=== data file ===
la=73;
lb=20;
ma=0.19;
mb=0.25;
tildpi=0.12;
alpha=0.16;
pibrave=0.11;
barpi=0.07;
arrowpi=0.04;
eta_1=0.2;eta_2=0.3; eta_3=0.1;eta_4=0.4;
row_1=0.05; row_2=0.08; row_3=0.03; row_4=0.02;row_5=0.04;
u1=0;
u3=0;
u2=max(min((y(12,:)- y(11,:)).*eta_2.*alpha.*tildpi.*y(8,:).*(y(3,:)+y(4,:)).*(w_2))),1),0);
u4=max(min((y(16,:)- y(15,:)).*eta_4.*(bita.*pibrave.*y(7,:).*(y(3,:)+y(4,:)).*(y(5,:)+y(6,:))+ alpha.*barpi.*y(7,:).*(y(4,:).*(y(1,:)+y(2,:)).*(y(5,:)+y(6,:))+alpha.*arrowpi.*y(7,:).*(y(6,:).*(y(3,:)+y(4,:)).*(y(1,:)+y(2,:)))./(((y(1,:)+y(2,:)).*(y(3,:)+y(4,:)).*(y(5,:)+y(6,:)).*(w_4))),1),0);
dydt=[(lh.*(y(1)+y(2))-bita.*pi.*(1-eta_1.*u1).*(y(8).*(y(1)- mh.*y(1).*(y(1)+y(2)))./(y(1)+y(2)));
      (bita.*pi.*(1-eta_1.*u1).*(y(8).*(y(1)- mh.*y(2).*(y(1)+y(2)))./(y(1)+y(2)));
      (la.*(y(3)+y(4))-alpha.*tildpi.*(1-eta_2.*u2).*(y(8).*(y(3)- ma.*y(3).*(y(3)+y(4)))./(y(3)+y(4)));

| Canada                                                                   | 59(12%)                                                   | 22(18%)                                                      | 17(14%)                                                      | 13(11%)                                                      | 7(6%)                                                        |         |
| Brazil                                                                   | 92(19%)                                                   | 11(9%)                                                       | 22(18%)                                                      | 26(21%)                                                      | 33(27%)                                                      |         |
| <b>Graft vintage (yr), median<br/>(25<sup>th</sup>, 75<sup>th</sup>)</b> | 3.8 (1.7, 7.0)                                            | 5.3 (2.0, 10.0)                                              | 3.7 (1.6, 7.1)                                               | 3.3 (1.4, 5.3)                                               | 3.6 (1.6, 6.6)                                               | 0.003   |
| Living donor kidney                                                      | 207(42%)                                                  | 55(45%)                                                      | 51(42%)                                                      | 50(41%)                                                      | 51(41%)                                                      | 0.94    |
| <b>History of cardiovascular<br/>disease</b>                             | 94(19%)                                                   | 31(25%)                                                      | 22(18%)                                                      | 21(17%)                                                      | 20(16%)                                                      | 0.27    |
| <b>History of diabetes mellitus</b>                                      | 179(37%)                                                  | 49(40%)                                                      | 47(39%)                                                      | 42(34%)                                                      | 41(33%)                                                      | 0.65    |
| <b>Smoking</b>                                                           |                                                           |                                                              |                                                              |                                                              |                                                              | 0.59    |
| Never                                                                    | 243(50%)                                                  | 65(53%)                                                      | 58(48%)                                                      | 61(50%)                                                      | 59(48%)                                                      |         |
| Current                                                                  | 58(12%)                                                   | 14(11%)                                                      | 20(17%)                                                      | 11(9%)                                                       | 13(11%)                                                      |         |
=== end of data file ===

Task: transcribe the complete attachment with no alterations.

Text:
la=73;
lb=20;
ma=0.19;
mb=0.25;
tildpi=0.12;
alpha=0.16;
pibrave=0.11;
barpi=0.07;
arrowpi=0.04;
eta_1=0.2;eta_2=0.3; eta_3=0.1;eta_4=0.4;
row_1=0.05; row_2=0.08; row_3=0.03; row_4=0.02;row_5=0.04;
u1=0;
u3=0;
u2=max(min((y(12,:)- y(11,:)).*eta_2.*alpha.*tildpi.*y(8,:).*(y(3,:)+y(4,:)).*(w_2))),1),0);
u4=max(min((y(16,:)- y(15,:)).*eta_4.*(bita.*pibrave.*y(7,:).*(y(3,:)+y(4,:)).*(y(5,:)+y(6,:))+ alpha.*barpi.*y(7,:).*(y(4,:).*(y(1,:)+y(2,:)).*(y(5,:)+y(6,:))+alpha.*arrowpi.*y(7,:).*(y(6,:).*(y(3,:)+y(4,:)).*(y(1,:)+y(2,:)))./(((y(1,:)+y(2,:)).*(y(3,:)+y(4,:)).*(y(5,:)+y(6,:)).*(w_4))),1),0);
dydt=[(lh.*(y(1)+y(2))-bita.*pi.*(1-eta_1.*u1).*(y(8).*(y(1)- mh.*y(1).*(y(1)+y(2)))./(y(1)+y(2)));
      (bita.*pi.*(1-eta_1.*u1).*(y(8).*(y(1)- mh.*y(2).*(y(1)+y(2)))./(y(1)+y(2)));
      (la.*(y(3)+y(4))-alpha.*tildpi.*(1-eta_2.*u2).*(y(8).*(y(3)- ma.*y(3).*(y(3)+y(4)))./(y(3)+y(4)));

| Canada                                                                   | 59(12%)                                                   | 22(18%)                                                      | 17(14%)                                                      | 13(11%)                                                      | 7(6%)                                                        |         |
| Brazil                                                                   | 92(19%)                                                   | 11(9%)                                                       | 22(18%)                                                      | 26(21%)                                                      | 33(27%)                                                      |         |
| <b>Graft vintage (yr), median<br/>(25<sup>th</sup>, 75<sup>th</sup>)</b> | 3.8 (1.7, 7.0)                                            | 5.3 (2.0, 10.0)                                              | 3.7 (1.6, 7.1)                                               | 3.3 (1.4, 5.3)                                               | 3.6 (1.6, 6.6)                                               | 0.003   |
| Living donor kidney                                                      | 207(42%)                                                  | 55(45%)                                                      | 51(42%)                                                      | 50(41%)                                                      | 51(41%)                                                      | 0.94    |
| <b>History of cardiovascular<br/>disease</b>                             | 94(19%)                                                   | 31(25%)                                                      | 22(18%)                                                      | 21(17%)                                                      | 20(16%)                                                      | 0.27    |
| <b>History of diabetes mellitus</b>                                      | 179(37%)                                                  | 49(40%)                                                      | 47(39%)                                                      | 42(34%)                                                      | 41(33%)                                                      | 0.65    |
| <b>Smoking</b>                                                           |                                                           |                                                              |                                                              |                                                              |                                                              | 0.59    |
| Never                                                                    | 243(50%)                                                  | 65(53%)                                                      | 58(48%)                                                      | 61(50%)                                                      | 59(48%)                                                      |         |
| Current                                                                  | 58(12%)                                                   | 14(11%)                                                      | 20(17%)                                                      | 11(9%)                                                       | 13(11%)                                                      |         |